Why Raiders star Corey Horsburgh gave the bird to Eels fans

The Canberra Raiders have jumped to the defense of passionate forward Corey Horsburgh, whose spirited start in their gold-defeat against Parramatta could be his last NRL act for months.

A tearful Horsburgh returned his two middle fingers to the crowd at Bankwest Stadium as he limped at the end of the first half of their 25-24 defeat after injuring a foot in a tackle caused by Ryan Matterson.

Kayo is your ticket to the Premiership NRL Telstra 2020. Each game of each Live & On-Demand round with breaks without advertising during the game. New to Kayo? Get your 14 day free trial and start streaming instantly>

The 22-year-old immediately confronted Matterson, causing a dead end before the emotion overflowed as he let the little hoots in the gallery know what he was thinking.

Raiders halfback George Williams thought Horsburgh’s emotional reaction was due to the injury, which could be serious.

“I thought he was playing very well, I know he likes to play hard in the middle there. He got a little emotional, but I think it was more the injury than anything and I hope he is fine, “said Williams. “He is a young child and a great prospect.”

Fox League side commentator Steve Roach said Horsburgh “was in tears as he passed here with the coach.”

Locking out the second season may require surgery after a suspected Lisfranc (midfoot) fracture. The rehabilitation time could extend over more than three months.

Raider veteran Sia Soliola supported his teammate’s enthusiasm, but said the incident would ultimately be a good lesson on how best to harness his energy, suggesting that the Eels pack had chosen him as his target. for physics.

Pulling the middle finger toward the crowd was not the ideal response, said Soliola, who contacted Horsburgh on Sunday to offer support.

“He really understood the consequences of his actions, even if they were highlighted this weekend,” said Soliola.

“It is probably a good thing that he sees it himself. It could be a bit of a turning point for him. “

He said the former junior Caboolture could still play a key role in their 2020 campaign.

“I feel for him. He worked hard to get to where he is, “said Soliola. “He’s going to bounce back, he’s a strong child. It’s a fiery ball of energy, isn’t it? And it showed up at the weekend. “


Former Cronulla captain Paul Gallen dismissed criticism from Cameron Smith after Greater Melbourne thanked the Warriors in their locker room after Friday’s game.

The Storm defeated the Warriors 50-6 as the New Zealand team failed to shoot in their first game after coach Stephen Kearney was sacked.

Roger Tuivasa-Sheck and Co. were optimistic after the game, but Smith, Storm’s assistant coach, Ryan Hoffman and head coach Craig Bellamy thanked them for moving to Australia to ensure the season NRL may continue in the midst of the coronavirus pandemic.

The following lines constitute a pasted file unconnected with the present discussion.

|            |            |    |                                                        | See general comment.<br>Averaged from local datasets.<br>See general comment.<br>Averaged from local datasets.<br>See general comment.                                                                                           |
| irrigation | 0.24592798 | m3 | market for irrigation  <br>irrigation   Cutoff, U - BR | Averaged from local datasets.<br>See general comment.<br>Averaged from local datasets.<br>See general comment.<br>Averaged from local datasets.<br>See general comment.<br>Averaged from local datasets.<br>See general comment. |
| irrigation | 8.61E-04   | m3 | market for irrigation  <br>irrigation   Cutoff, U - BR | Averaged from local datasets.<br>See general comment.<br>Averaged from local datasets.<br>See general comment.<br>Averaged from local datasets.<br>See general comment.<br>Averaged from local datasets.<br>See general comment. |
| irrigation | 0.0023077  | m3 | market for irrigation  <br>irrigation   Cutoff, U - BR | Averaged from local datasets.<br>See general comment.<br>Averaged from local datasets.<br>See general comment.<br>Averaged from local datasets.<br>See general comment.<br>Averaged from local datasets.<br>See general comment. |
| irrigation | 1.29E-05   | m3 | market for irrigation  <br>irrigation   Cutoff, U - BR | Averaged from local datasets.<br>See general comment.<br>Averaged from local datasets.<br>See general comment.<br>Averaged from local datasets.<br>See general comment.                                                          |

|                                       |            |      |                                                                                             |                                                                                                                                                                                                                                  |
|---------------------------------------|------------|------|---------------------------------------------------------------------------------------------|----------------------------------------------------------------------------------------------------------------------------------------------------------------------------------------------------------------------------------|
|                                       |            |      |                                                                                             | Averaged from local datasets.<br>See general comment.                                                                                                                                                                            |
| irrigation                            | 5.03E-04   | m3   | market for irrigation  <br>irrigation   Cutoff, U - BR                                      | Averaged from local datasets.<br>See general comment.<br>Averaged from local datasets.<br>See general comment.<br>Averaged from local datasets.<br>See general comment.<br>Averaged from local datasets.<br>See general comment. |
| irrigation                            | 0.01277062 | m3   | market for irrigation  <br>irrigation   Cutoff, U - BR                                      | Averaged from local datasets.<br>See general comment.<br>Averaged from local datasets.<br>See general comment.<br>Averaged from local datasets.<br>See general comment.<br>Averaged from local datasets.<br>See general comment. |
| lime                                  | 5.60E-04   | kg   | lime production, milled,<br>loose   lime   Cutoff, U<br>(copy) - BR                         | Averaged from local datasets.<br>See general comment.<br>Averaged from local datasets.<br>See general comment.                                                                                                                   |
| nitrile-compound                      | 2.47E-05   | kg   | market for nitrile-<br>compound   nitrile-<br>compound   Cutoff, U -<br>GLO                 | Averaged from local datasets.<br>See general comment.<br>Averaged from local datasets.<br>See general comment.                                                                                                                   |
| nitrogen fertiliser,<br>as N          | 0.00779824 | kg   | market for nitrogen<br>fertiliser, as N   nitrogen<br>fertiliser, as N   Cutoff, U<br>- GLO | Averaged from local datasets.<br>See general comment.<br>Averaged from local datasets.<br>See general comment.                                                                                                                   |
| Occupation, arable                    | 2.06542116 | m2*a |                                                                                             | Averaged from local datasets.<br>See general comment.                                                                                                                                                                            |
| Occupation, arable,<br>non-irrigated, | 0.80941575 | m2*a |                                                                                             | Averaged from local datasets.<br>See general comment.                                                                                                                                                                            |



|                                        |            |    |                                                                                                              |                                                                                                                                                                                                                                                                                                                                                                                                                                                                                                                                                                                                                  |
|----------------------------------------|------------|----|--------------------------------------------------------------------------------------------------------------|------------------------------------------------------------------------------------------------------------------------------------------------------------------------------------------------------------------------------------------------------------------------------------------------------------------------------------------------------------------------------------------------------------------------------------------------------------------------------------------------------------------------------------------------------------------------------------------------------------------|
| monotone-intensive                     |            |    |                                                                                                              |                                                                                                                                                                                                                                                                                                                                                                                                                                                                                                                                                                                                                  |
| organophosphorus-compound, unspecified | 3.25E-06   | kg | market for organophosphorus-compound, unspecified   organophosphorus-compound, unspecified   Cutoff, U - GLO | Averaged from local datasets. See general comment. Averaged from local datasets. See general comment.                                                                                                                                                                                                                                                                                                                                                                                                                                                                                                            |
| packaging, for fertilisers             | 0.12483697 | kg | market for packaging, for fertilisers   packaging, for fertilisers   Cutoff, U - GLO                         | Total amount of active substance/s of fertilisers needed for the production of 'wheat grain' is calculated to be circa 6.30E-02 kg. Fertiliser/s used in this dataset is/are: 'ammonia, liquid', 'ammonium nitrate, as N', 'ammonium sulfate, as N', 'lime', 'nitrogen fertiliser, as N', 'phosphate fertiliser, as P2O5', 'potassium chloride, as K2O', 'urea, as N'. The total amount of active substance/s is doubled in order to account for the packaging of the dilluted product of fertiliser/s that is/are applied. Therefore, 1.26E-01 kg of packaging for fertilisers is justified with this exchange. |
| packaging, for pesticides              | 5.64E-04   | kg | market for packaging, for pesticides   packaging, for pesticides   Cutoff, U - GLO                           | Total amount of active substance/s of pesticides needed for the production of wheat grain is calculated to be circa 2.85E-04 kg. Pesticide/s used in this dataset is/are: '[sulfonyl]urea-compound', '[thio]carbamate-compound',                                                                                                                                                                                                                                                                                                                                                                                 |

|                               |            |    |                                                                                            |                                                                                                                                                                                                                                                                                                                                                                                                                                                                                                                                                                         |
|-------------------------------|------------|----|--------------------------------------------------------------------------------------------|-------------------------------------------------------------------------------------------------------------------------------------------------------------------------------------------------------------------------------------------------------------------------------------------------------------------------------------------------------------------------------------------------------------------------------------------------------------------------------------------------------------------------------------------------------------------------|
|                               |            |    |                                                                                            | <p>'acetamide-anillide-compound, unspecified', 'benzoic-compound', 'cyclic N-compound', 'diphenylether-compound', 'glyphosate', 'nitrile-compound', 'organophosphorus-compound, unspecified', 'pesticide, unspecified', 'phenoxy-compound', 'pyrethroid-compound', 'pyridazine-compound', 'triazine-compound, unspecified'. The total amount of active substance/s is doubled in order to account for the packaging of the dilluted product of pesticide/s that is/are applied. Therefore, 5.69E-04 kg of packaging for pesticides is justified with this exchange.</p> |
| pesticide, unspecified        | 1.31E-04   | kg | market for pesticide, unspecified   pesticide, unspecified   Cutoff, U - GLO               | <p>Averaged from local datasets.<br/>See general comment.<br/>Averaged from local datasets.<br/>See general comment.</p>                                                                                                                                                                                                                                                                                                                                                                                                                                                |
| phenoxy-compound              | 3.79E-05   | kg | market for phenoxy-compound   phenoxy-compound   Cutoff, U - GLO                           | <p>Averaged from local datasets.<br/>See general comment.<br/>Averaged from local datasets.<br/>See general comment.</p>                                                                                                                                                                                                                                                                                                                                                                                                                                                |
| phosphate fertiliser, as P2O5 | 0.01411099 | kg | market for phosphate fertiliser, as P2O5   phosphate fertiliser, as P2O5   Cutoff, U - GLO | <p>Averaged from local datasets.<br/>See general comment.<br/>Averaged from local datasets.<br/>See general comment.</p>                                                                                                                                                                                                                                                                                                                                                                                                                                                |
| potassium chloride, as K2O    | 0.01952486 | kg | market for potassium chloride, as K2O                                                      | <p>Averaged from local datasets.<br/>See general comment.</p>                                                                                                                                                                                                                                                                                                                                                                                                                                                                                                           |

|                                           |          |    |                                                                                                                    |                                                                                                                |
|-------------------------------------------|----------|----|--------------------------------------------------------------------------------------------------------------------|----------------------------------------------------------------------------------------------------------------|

“It was hard. We wanted to go there and I guess we say our appreciation and admiration for what they have done, “said Hoffman Sunday Footy Show.

“It was very difficult not to appear condescending or to feel condescending towards them, because I am sure that they do not want sympathy.

“I just wanted to let them know the admiration I have for Roger and the team and what they do.”

Gallen said that anyone who challenged Smith had no leg to stand on.

“I heard Ryan Hoffman talk about it … and he tackled it – they were really worried that it seemed patronizing or patronizing for the Warriors,” Gallen told Wide World of Sports. The final whistle.

“I’m really glad he brought it up because when you see this vision for the first time, I think a lot of people can understand why you think that. How (goalkeepers’ coach) Todd Payten would it feel if the opposition coach and captain entered?

“Just Big Poppy Syndrome vs. Social Media vs. Cam Smith.” I wouldn’t be too worried about this and I doubt Cameron Smith is worried either.

“I’m glad the Melbourne Storm broached the issue and after hearing that and why they went there, I think it was pretty good for the Melbourne Storm.”


Wests Tigers coach Michael Maguire does not want to let Benji Marshall play elsewhere this year after information was released today, the disadvantaged playmaker is sent to rival clubs.

the Sydney Morning Herald reported that the Marshall manager was testing the waters to see if clubs like Manly, Melbourne and North Queensland would be interested in hiring veterans for the rest of the year.

Maguire dropped Marshall after the fourth inning despite fifth place tied for second in the Dally M standings and having been crowned man of the match in the Tigers’ first two wins.

Josh Reynolds has performed well since being promoted to No. 7 partner Luke Brooks in the halves at Marshall’s expense, but that doesn’t mean Maguire is fine with the 35-year-old looking for play time elsewhere.

“Nothing at all,” said Maguire, according to NRL.com, when asked if Marshall had suggested he wanted to leave the joint venture club, where he won a job as prime minister in 2005.

“We talk a lot about the orientation of the club and it is part of it. He is a leader and an experienced player who can have a huge influence on or off the field.

“I chose performance – that’s what we do – and having depth is what is needed to be able to go from start to finish.

“Benji is an integral part of our plans. Having the quality of what we are ready to do when the time is right is what you are trying to build all the time. “

Leave a comment

Your email address will not be published. Required fields are marked *

This site uses Akismet to reduce spam. Learn how your comment data is processed.